CAP+3.2 μg PEDF from Day 14AC10.5±0.89a12.8±0.89a11.4±0.89a,b10.0±0.89a,b
CAP+6.4 μg PEDF from Day 14AC11±0.98a13.1±0.89a11.6±0.89a,b9.7±0.89a,b

{ label (or @symbol) needed for fn[@id='tfn1-ijmm-31-01-0232'] } AC, anterior chamber; PC, posterior chamber;

a P<0.001 compared with the control group;

b P<0.001 compared with the CAP group at the given time point.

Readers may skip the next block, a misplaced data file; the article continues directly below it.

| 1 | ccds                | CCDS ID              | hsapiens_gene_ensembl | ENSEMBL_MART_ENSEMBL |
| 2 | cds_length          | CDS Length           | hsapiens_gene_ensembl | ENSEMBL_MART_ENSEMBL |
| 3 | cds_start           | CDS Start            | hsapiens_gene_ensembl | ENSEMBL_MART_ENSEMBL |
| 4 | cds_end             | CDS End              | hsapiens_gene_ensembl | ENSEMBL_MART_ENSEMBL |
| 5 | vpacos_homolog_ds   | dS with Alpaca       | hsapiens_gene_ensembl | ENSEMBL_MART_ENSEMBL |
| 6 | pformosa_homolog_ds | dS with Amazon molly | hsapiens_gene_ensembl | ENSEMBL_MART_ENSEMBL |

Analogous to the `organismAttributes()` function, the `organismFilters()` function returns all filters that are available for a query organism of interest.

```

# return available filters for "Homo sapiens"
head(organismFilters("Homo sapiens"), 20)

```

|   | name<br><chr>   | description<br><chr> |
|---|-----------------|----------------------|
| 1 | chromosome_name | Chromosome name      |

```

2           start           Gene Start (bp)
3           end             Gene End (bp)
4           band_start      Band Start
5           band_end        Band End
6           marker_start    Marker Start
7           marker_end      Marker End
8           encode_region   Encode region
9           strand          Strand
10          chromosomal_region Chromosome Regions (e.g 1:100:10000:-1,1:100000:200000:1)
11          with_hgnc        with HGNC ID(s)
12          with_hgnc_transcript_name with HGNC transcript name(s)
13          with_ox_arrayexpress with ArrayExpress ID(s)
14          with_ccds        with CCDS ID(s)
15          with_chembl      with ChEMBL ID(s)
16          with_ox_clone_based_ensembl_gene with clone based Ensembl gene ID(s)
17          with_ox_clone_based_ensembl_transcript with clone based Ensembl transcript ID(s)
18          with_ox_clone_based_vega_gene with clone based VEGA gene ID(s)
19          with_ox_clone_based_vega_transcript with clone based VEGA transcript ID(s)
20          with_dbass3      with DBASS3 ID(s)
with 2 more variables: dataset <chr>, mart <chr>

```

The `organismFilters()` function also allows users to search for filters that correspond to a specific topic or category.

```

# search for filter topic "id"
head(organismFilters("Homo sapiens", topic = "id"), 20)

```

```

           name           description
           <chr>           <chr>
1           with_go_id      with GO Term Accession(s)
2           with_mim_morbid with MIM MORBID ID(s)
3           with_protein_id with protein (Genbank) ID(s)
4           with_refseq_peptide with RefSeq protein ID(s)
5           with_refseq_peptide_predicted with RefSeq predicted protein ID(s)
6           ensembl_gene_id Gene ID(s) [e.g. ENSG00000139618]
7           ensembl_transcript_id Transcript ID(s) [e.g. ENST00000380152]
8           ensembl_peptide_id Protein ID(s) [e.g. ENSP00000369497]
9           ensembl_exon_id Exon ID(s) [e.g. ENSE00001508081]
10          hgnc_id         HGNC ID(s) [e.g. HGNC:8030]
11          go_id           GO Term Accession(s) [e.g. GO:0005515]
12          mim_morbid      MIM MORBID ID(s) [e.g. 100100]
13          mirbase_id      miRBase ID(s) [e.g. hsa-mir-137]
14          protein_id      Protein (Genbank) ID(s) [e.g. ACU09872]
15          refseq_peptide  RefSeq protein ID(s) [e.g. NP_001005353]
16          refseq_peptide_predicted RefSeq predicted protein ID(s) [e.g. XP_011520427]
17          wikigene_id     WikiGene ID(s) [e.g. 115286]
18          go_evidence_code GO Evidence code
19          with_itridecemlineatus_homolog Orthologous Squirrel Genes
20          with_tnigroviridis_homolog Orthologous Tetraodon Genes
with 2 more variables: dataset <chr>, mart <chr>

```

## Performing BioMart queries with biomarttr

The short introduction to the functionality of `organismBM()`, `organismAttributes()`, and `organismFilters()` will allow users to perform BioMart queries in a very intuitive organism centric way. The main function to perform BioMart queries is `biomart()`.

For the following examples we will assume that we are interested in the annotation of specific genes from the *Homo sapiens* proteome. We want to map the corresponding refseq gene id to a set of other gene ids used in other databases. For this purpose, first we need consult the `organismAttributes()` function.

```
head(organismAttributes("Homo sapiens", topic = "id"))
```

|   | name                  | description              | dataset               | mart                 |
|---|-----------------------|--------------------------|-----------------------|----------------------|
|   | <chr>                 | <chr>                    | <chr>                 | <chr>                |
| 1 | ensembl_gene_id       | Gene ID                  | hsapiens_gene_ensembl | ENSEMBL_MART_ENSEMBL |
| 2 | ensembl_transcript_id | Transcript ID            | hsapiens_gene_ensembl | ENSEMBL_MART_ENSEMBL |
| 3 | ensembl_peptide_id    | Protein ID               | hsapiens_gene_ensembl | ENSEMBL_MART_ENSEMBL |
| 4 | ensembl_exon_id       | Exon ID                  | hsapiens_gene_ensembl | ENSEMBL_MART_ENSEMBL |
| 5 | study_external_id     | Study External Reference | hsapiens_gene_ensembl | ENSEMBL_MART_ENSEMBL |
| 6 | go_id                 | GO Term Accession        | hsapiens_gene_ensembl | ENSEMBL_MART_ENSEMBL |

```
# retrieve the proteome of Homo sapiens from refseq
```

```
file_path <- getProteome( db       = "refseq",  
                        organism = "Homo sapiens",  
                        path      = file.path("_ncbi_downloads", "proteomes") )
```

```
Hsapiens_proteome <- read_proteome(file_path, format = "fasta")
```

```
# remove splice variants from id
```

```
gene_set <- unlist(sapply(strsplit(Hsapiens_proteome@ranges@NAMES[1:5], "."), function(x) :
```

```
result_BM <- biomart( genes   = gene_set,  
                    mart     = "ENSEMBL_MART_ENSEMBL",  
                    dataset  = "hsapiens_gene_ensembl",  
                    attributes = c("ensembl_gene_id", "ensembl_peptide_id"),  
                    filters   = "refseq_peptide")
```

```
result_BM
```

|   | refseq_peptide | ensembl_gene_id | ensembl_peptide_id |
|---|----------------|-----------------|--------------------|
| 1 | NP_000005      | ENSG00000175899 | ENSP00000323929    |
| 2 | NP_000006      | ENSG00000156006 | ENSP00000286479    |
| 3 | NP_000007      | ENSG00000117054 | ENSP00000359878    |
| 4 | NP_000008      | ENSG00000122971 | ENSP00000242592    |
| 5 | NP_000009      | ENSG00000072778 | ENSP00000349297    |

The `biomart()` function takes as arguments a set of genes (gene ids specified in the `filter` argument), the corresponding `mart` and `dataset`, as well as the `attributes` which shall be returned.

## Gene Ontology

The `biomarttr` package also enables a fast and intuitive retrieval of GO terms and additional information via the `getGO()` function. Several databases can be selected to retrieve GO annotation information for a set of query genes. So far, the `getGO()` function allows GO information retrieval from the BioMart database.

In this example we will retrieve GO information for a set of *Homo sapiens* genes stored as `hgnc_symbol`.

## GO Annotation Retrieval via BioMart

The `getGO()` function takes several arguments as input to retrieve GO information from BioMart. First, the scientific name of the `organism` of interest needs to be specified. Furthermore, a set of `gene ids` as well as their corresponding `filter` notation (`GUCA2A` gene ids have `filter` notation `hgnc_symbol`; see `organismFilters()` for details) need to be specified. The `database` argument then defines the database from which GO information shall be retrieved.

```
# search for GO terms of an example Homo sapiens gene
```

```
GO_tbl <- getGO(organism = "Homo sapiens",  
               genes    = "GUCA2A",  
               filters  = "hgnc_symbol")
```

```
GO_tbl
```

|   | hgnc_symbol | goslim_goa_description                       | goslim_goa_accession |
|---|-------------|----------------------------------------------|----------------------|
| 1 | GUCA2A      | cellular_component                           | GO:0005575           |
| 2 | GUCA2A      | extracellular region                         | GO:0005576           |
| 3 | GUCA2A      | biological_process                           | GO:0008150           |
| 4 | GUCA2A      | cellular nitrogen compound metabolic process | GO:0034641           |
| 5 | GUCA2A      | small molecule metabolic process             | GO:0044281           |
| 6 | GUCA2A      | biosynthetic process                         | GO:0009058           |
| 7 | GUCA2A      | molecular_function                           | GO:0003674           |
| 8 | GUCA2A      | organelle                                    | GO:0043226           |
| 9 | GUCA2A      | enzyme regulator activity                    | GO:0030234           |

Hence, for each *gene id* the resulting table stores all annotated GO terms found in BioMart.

Our electron microscopic study demostrated that mitochondria of the RPE undergo significant morphological changes with age as a result of marked decreases in the number and area of mitochondria, significantly more severe in ADM compared to age-matched controls. These changes include a partial to complete loss of cristae and decrease in the density of the mitochondrial matrix in both normal aging and AMD groups. To our knowledge, this is the first study to demonstrate alterations in mtMEM related to age and AMD in human RPE. It also revealed significant differences between normal aging and AMD. Ultrastructural and morphometric studies showed similar alterations in mtMEM in certain age-related human diseases, such as Alzheimer’s disease (69), in the skeletal muscle of patients affected by type 2 diabetes or obesity (70) and in heart failure with chronic obstructive pulmonary disease (71), as well as in schizophrenia (72). Our findings suggest that RPE in aging and AMD should be included in that list. These data provide morphological support to the concept that mtMEM and subsequent mitochondrial dysfunctions may play a crucial role in the development of retinal degeneration, in particular of AMD (16,73). Our data suggest that loss of mitochondrial structure is one of the differences between normal aging and AMD. Photoreceptors and RPE have an intimate morphologic and functional partnership in order to maintain adequate metabolic support for survival, excitability and turnover of photoreceptor cells. Mitochondrial β-oxidation, which is present in the RPE (74), is considered to be the major pathway that metabolizes fatty acids as a primary source of energy production (75,76). Since the RPE is involved in the light-induced retinoid cycle (77,78), one of the possible consequences of mitochondrial dysfunction in AMD may manifest as a disorder of light-induced retinoid recycle. Mitochondrial alterations were also accompanied by proliferation of peroxisomes. The morphometrical study showed that an age-related increase in peroxisome number in AMD specimens was significantly greater than the number in age-matched controls. Peroxisomes are membrane-bound organelles that play an essential role in lipid metabolism. They shorten the very-long-chain fatty acids, and the resulting long-chain fatty acids preferentially move back to the endoplasmic reticulum where they are used for membrane lipid synthesis (79), or they are then handed over to mitochondria for completion of oxidation (80). Intracellular elevation of naturally occurring fatty acids and eicosanoids activates peroxisome-proliferator-activated receptors (PPARs) resulting in peroxisome proliferation and activation of lipid metabolism (81). Activation of PPAR-α upregulates genes of lipid catabolism, while activation of PPAR-γ upregulates genes of lipogenesis (82,83). In a previous study (84), PPAR-γ ligands inhibited vascular endothelial growth factor-induced choroidal angiogenesis in vitro and choroidal neovascularization in vivo. This suggests the potential involvement of PPAR-γ in AMD, at least in the development of the late form of this disease. The increased number of peroxisomes in aging and AMD may be a morphologic manifestation for activation of an alternative pathway for lipid degradation. This hypothesis is supported by observations that induction of PPAR-α was associated with a strong stimulation of the enzymes involved in peroxisomal β-oxidation (85,86). However, only PPRA-γ has been detected in human RPE (84). Accumulation of partially metabolized lipids such as lipofuscin and lipid peroxides in RPE may be another possible consequence of mitochondrial dysfunction (20,87). Lipofuscin may be responsible for oxidative damage to the RPE that results in impaired metabolism and apoptosis characteristic of late AMD (15). Studies suggest that lipofuscin is a manifestation of the balance between production and elimination of partially metabolized substances, mostly lipid peroxide-containing materials (88,89). Thus, the age-related accumulation of intracellular lipofuscin is an indicator for impairment of lipid degradation processes (90). A previous autofluorescent study (91) showed a higher lipofuscin content in AMD compared to age-matched controls. Lipofuscin and other metabolized lipids containing ROS may certainly compromise RPE functions. However, the exact role of lipofuscin in AMD remains to be elucidated. Alterations in mtMEM influence the carnitine system located in the mitochondrial outer and inner membrane resulting in impaired lipid metabolism (35). mtMEM play an essential role in cholesterol metabolism in the liver and in several extrahepatic cells including macrophages (38), which have several features in common with RPE. A peripheral type benzodiazepine receptor, a channel-forming mitochondrial protein, is involved in the regulation of cholesterol transport from the outer to the inner mtMEM. This is the rate-determining step in steroid biosynthesis. The lipid composition of mtMEM might be involved directly in ion channel regulation (31). A decrease in mtMEM potential occurs in a variety of aging cell types from several mammalian species (32,33). When mitochondria are subjected to oxidative stress and relatively high Ca2+, they may undergo a permeability transition in which the inner membrane becomes freely permeable to low-molecular-weight substances resulting in impairment of all mitochondrial functions (30). Mitochondrial ion channels are critically involved in apoptotic changes in mitochondria (42). In addition to the well-documented changes in mtDNA, our data suggest that alterations in mtMEM also play a crucial role in the development of mitochondrial dysfunctions in AMD and, possibly, in other age-related diseases (92). This has an immediate clinical relevance as shown by several in vitro and in vivo studies. In fact, mtMEM could be a target for treatment of mitochondrial dysfunctions. In vitro modification of mtMEM composition by ω-3 fatty acids and addition of carnitine or acetyl-L-carnitine resulted in a subsequent improvement in mitochondrial lipid metabolism (93). An in vivo study showed that dietary ω-3 fatty acids directly increase membrane ω-3/ω-6 ratio, restore mtMEM cardiolipin content and membrane potential, as well as subsequently restore alterated mitochondrial Ca2+ flux and Ca2+-dependent processes such as activity of pyruvate dehydrogenase complex (94).